The New Yorker Has Stopped Sending Me Rejection Slips … Sort Of
“Of course I draw for the New Yorker” is the reply I give to the question I’m most often asked as a cartoonist, “but they’ve never bought anything of mine.”
When I started cartooning professionally in 1981 I submitted a batch of cartoons to the New Yorker every week for a few years. At the time I thought they were great, but now I can see that most were terrible. I stopped submitting to them when I started only drawing commissioned work.
Last month for the first time in decades I drew a batch of ‘toons for my own amusement, bought 200 large envelopes, and hired a monk scribe. Monk scribes are cheaper than ink cartridges because you need only keep them in wine. Any kind of wine will do: even my friend’s unpalatable but potent home brew.
I sent the New Yorker a batch on July 13th, another on the 20th, and, while waiting for my rejection letters, had the monk scribe copy another batch for mailing on the 27th. Then on the 23rd they started accepting cartoons only via Submittable.com and asked that submissions be made no more than once a month. Know anyone who needs 196 large envelopes and a drunk monk?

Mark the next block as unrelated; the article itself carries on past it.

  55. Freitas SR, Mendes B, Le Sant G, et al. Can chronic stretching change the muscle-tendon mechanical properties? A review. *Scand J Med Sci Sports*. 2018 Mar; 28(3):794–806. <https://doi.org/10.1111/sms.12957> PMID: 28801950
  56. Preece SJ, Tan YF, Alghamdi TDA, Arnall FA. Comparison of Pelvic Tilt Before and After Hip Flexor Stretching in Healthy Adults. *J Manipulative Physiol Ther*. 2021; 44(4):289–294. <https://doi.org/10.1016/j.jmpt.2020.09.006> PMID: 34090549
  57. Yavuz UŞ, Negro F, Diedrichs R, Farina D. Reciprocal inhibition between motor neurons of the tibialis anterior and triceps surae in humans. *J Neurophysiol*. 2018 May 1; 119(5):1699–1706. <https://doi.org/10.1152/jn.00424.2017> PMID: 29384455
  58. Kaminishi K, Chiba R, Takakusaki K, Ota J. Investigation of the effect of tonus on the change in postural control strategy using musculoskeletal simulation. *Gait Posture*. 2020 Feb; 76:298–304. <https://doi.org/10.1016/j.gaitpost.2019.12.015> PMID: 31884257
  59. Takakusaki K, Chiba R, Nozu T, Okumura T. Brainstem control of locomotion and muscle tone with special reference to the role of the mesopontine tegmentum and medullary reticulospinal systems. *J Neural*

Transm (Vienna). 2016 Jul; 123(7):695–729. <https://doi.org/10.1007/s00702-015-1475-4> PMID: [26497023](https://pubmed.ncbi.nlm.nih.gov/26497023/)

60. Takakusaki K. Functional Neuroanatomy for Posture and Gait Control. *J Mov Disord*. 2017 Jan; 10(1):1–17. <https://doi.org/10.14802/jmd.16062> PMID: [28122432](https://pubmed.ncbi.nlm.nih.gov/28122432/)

I wonder if the New Yorker has a stash of unsent non-personalized rejection slips. Having not received one in years I’m not sure if the last rejection slip they sent out had the same format as the dozens I received, but I bet it did: “We regret that we are unable to use the enclosed material. Thank you for giving us the opportunity to consider it. THE EDITORS” and in the lower left margin was the Roman numeral I.
Brendan Gill who died in 1997 and wrote for the New Yorker for over 60 years received an almost identical rejection slip when he first submitted work: the phone number was different, but it too had a Roman numeral I in the margin. He wrote in his book Here at the New Yorker: “Naturally, I assumed that I was receiving the editors’ Number One Rejection Slip and I flattered and consoled myself with the supposition that less talented would-be contributors were receiving the Number Two and perhaps even the Number Three Rejection Slip. Later, I discovered that everyone who submitted a piece to the magazine followed a similar process of deduction and self-congratulation in respect to that mysterious ‘I.’ In fact, it is on every rejection slip and it is meaningless; nobody in the office remembers now why it happens to be there.”
I can’t wait to see what the computerized rejection looks like. Will it have a mysterious Roman Numeral?
These are some from first two batch of rejects.